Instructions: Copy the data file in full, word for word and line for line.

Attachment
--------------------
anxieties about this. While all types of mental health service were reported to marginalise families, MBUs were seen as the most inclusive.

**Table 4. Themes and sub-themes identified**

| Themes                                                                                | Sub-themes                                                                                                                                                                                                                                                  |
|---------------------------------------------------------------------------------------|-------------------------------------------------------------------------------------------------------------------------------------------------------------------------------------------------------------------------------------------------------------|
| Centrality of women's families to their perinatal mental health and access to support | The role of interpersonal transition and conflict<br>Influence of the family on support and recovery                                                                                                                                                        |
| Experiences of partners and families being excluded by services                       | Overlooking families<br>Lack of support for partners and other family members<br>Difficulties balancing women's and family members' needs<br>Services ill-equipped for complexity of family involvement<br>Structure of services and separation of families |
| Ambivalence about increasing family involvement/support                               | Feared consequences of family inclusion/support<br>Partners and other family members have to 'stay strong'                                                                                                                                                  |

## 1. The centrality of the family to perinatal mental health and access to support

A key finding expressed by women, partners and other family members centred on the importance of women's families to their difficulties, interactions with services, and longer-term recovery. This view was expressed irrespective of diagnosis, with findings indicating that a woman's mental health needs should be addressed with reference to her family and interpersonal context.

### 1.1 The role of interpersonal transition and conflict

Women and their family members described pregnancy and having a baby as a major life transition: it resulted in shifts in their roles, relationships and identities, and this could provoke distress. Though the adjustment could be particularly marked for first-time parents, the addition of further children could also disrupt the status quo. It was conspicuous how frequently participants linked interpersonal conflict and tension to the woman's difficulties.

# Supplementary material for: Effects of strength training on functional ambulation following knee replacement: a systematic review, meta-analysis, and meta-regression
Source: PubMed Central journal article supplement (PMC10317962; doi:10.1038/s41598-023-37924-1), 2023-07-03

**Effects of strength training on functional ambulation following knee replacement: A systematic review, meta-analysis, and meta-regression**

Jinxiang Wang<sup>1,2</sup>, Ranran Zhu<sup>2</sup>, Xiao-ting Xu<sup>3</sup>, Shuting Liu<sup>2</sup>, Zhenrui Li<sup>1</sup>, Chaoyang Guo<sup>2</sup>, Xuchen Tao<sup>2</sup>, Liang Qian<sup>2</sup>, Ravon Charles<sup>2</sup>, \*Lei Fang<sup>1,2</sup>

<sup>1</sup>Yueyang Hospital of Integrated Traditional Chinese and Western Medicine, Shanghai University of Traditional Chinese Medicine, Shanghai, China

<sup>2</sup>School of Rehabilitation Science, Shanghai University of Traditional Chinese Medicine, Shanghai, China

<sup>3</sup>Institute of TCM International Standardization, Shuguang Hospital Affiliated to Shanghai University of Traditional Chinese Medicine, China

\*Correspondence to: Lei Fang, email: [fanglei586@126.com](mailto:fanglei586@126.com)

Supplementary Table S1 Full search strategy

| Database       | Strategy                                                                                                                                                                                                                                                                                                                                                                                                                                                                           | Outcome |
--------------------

anxieties about this. While all types of mental health service were reported to marginalise families, MBUs were seen as the most inclusive.

**Table 4. Themes and sub-themes identified**

| Themes                                                                                | Sub-themes                                                                                                                                                                                                                                                  |
|---------------------------------------------------------------------------------------|-------------------------------------------------------------------------------------------------------------------------------------------------------------------------------------------------------------------------------------------------------------|
| Centrality of women's families to their perinatal mental health and access to support | The role of interpersonal transition and conflict<br>Influence of the family on support and recovery                                                                                                                                                        |
| Experiences of partners and families being excluded by services                       | Overlooking families<br>Lack of support for partners and other family members<br>Difficulties balancing women's and family members' needs<br>Services ill-equipped for complexity of family involvement<br>Structure of services and separation of families |
| Ambivalence about increasing family involvement/support                               | Feared consequences of family inclusion/support<br>Partners and other family members have to 'stay strong'                                                                                                                                                  |

## 1. The centrality of the family to perinatal mental health and access to support

A key finding expressed by women, partners and other family members centred on the importance of women's families to their difficulties, interactions with services, and longer-term recovery. This view was expressed irrespective of diagnosis, with findings indicating that a woman's mental health needs should be addressed with reference to her family and interpersonal context.

### 1.1 The role of interpersonal transition and conflict

Women and their family members described pregnancy and having a baby as a major life transition: it resulted in shifts in their roles, relationships and identities, and this could provoke distress. Though the adjustment could be particularly marked for first-time parents, the addition of further children could also disrupt the status quo. It was conspicuous how frequently participants linked interpersonal conflict and tension to the woman's difficulties.

# Supplementary material for: Effects of strength training on functional ambulation following knee replacement: a systematic review, meta-analysis, and meta-regression
Source: PubMed Central journal article supplement (PMC10317962; doi:10.1038/s41598-023-37924-1), 2023-07-03

**Effects of strength training on functional ambulation following knee replacement: A systematic review, meta-analysis, and meta-regression**

Jinxiang Wang<sup>1,2</sup>, Ranran Zhu<sup>2</sup>, Xiao-ting Xu<sup>3</sup>, Shuting Liu<sup>2</sup>, Zhenrui Li<sup>1</sup>, Chaoyang Guo<sup>2</sup>, Xuchen Tao<sup>2</sup>, Liang Qian<sup>2</sup>, Ravon Charles<sup>2</sup>, \*Lei Fang<sup>1,2</sup>

<sup>1</sup>Yueyang Hospital of Integrated Traditional Chinese and Western Medicine, Shanghai University of Traditional Chinese Medicine, Shanghai, China

<sup>2</sup>School of Rehabilitation Science, Shanghai University of Traditional Chinese Medicine, Shanghai, China

<sup>3</sup>Institute of TCM International Standardization, Shuguang Hospital Affiliated to Shanghai University of Traditional Chinese Medicine, China

\*Correspondence to: Lei Fang, email: [fanglei586@126.com](mailto:fanglei586@126.com)

Supplementary Table S1 Full search strategy

| Database       | Strategy                                                                                                                                                                                                                                                                                                                                                                                                                                                                           | Outcome |